Sir Rodolphe Forget, statesman, president of the Montreal Stock Exchange. Clarence Gagnon (1881-194
Oswald Smith Crocket
Oswald Smith Crocket was a Canadian lawyer and Puisne Justice of the Supreme Court of Canada. Born in Chatham, New Brunswick, the son of William Crocket and Marion Caldwell, he received a Bachelor of Arts in 1886 from the University of New Brunswick, he was called to the Bar in 1892 and practised law. In 1904, he was elected to the House of Commons of Canada in the riding of York, New Brunswick as a Conservative, he was re-elected in 1908 and 1911. In 1913, he was appointed the Court of King's Bench Division of the Supreme Court of New Brunswick. In 1932, he was appointed to the Supreme Court of Canada and served until he retired in 1943, he died in 1945, at home. Supreme Court of Canada biography Oswald Smith Crocket – Parliament of Canada biography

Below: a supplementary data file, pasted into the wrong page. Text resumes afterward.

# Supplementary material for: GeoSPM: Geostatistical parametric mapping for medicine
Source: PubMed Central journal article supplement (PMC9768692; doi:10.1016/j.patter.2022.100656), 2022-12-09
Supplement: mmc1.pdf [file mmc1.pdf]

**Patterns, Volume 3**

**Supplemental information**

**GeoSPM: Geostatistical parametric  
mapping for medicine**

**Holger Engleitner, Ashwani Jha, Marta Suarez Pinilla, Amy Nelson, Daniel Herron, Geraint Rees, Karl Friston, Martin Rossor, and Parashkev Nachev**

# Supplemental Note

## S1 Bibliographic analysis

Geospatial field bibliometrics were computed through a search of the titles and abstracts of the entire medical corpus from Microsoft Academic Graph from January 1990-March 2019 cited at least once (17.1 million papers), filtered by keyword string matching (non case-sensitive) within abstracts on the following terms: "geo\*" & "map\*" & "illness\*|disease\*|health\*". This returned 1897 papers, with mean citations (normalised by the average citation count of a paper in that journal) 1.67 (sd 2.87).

McGill University is a public research university in Montreal, Canada. It was established in 1821 by royal charter, granted by King George IV; the university bears the name of James McGill, a Montreal merchant from Scotland whose bequest in 1813 formed the university's precursor, McGill College. McGill's main campus is at Mount Royal in downtown Montreal, with the second campus situated in Sainte-Anne-de-Bellevue on the Montreal Island, 30 kilometres west of the main campus; the university is one of two universities outside the United States who are members of the Association of American Universities and it is the only Canadian member of the Global University Leaders Forum within the World Economic Forum. McGill offers degrees and diplomas in over 300 fields of study, with the highest average admission requirements of any Canadian university. Most students are enrolled in the five largest faculties, namely Arts, Medicine and Management. McGill counts among its alumni 12 Nobel laureates and 145 Rhodes Scholars, both the most of any university in Canada, as well as five astronauts, the incumbent prime minister and two former prime ministers of Canada, the incumbent Governor General of Canada, 14 justices of the Canadian Supreme Court, at least eight foreign leaders, 28 foreign ambassadors, over eight dozen members of the Canadian Parliament, United States Congress, British Parliament, other national legislatures, several billionaires, nine Academy Award winners, 11 Grammy Award winners, four Pulitzer Prize winners, two Presidential Medal of Freedom recipients, at least 16 Emmy Award winners, 28 Olympic medalists, all of varying nationalities.